So off I went to a press conference featuring that dangerous radical, Roy Hattersley. Gloriously contrary now that he is unencumbered by high party office, Hatters discerns which way the political tide is flowing within his party - and then swims strongly and loudly in the opposite direction. One day soon he will be espied, complete with dreadlocks and nose-rings, selling Socialist Worker outside Victoria Station, stopping only to take the occasional swig from a bottle of Krug.
To get to Mr Hattersley and company I had first to gain entry to the suite of MPs' offices at Number 7, Millbank. This involves waiting for one curved Perspex door to slide open, standing inside a small bubble, waiting for the first door to slide closed again, and then waiting once more while a second transparent door opens. All of which happens with the swish and hiss of one of those airlocks in Star Trek. Presumably the idea is to equalise the air pressure between MPs' natural environment and that of the world outside.
Once aboard I prepared to take a time trip with Roy, Gerald Kaufman and Joan Lestor, who had come together as The First Past The Post Group, formed to campaign against any change in the system for electing the House of Commons.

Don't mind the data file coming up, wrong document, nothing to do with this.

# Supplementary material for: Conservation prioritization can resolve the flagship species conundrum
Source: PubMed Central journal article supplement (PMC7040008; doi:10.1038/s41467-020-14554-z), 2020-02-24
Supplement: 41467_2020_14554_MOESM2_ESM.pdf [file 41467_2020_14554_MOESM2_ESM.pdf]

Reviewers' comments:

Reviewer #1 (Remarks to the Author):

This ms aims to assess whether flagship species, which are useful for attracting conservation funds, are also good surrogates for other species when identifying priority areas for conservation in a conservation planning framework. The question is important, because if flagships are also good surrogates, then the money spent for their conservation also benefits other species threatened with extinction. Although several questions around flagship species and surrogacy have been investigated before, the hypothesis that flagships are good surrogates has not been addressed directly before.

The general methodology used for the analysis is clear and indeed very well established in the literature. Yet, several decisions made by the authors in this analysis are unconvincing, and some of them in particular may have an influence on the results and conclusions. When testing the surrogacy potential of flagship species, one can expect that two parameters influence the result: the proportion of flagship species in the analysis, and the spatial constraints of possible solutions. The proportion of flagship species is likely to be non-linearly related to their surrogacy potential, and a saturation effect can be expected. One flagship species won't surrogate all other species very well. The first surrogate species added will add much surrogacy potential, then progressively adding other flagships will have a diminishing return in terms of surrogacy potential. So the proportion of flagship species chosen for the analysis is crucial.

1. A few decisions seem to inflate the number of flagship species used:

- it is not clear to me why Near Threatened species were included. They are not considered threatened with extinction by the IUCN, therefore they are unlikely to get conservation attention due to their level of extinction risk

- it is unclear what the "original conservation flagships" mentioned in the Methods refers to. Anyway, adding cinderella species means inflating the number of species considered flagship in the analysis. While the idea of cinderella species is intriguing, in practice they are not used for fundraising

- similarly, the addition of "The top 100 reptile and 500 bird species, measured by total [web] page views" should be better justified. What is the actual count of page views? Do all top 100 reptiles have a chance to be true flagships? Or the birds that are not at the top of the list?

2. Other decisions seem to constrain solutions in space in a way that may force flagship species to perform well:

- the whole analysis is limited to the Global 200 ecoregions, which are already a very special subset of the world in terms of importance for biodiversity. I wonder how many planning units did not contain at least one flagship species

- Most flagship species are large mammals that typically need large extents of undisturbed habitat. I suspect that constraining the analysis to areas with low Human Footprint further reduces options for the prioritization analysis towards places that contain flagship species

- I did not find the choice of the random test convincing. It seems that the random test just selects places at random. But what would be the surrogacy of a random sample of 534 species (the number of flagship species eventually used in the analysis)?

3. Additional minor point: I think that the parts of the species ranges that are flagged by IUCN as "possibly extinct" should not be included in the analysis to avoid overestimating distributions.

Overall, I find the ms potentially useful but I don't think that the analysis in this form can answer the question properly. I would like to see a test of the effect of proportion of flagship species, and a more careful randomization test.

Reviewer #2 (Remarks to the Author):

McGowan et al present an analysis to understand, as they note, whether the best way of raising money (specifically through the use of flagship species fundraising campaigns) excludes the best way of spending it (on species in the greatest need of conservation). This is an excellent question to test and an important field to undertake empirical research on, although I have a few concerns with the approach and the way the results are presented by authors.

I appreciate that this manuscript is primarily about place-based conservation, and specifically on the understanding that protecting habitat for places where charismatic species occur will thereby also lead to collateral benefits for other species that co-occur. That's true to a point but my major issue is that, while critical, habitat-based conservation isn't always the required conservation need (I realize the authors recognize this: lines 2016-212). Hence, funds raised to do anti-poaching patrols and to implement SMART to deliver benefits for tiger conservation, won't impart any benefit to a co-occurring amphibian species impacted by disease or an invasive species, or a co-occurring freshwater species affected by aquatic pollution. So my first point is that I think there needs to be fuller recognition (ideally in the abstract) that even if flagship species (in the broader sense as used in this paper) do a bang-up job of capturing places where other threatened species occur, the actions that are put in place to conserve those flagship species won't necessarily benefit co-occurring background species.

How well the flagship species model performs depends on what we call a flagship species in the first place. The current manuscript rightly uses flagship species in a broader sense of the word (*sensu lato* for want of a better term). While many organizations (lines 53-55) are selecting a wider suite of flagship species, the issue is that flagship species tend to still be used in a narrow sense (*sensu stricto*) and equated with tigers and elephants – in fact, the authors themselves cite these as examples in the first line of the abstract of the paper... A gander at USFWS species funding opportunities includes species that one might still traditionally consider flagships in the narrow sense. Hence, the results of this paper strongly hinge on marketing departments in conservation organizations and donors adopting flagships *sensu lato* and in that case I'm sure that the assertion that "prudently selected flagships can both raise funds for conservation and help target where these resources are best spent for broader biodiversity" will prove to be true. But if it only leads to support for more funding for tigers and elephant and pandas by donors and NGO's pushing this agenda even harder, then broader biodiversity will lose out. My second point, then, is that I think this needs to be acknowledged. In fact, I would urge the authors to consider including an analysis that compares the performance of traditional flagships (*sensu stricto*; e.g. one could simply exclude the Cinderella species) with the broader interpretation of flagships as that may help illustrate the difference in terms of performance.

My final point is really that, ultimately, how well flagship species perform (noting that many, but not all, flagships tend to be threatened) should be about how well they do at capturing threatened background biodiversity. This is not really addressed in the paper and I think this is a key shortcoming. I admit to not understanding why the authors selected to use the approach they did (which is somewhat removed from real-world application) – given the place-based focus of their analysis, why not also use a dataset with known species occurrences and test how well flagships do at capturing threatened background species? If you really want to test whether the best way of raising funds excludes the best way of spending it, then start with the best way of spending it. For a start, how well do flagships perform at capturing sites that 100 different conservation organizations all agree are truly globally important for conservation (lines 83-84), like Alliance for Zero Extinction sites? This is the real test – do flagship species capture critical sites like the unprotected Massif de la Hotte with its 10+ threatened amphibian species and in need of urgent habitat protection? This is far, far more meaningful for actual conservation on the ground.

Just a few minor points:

Roy's role was to take the discussion on to the higher plane of principle and destiny. If Labour was to fulfil its socialist promise, it must do so unrestricted by alliances with Liberals, nationalists and other odd bods. Did anybody realise how awful it was during dark days of the Lib-Lab pact (1977-79, for students of ancient history), when the whims of footloose centrists drove men like Denis Healey to tears?
Should Roy's high-mindedness fail to persuade Labour MPs to oppose change, Gerald Kaufman was on hand to spell out the more personal consequences. Thirty-four would have to give up their seats. They wouldn't like that, now would they?
Joan Lestor wound proceedings up. Like Gerald and Roy she has actually served in a Labour government. Her line was that she had fought nine elections under first past the post, and had won eight of them.
And it's true - she had. But Labour hadn't. I made a quick calculation that her first election was the1964 Labour victory that ended "13 years of Tory misrule". In the following 32 years, Labour enjoyed a good working majority for four of them and a precarious one, or none at all, for another seven. The other 21 saw Conservative governments with solid or huge majorities, none of them elected with a majority of the popular vote.
So, as I stood in the airlock waiting to be beamed back to my own planet, I pondered the strange phenomenon of a group of people fighting like hell to retain a system that has so manifestly not worked for them. The phenomenon of Old Labour, in fact.
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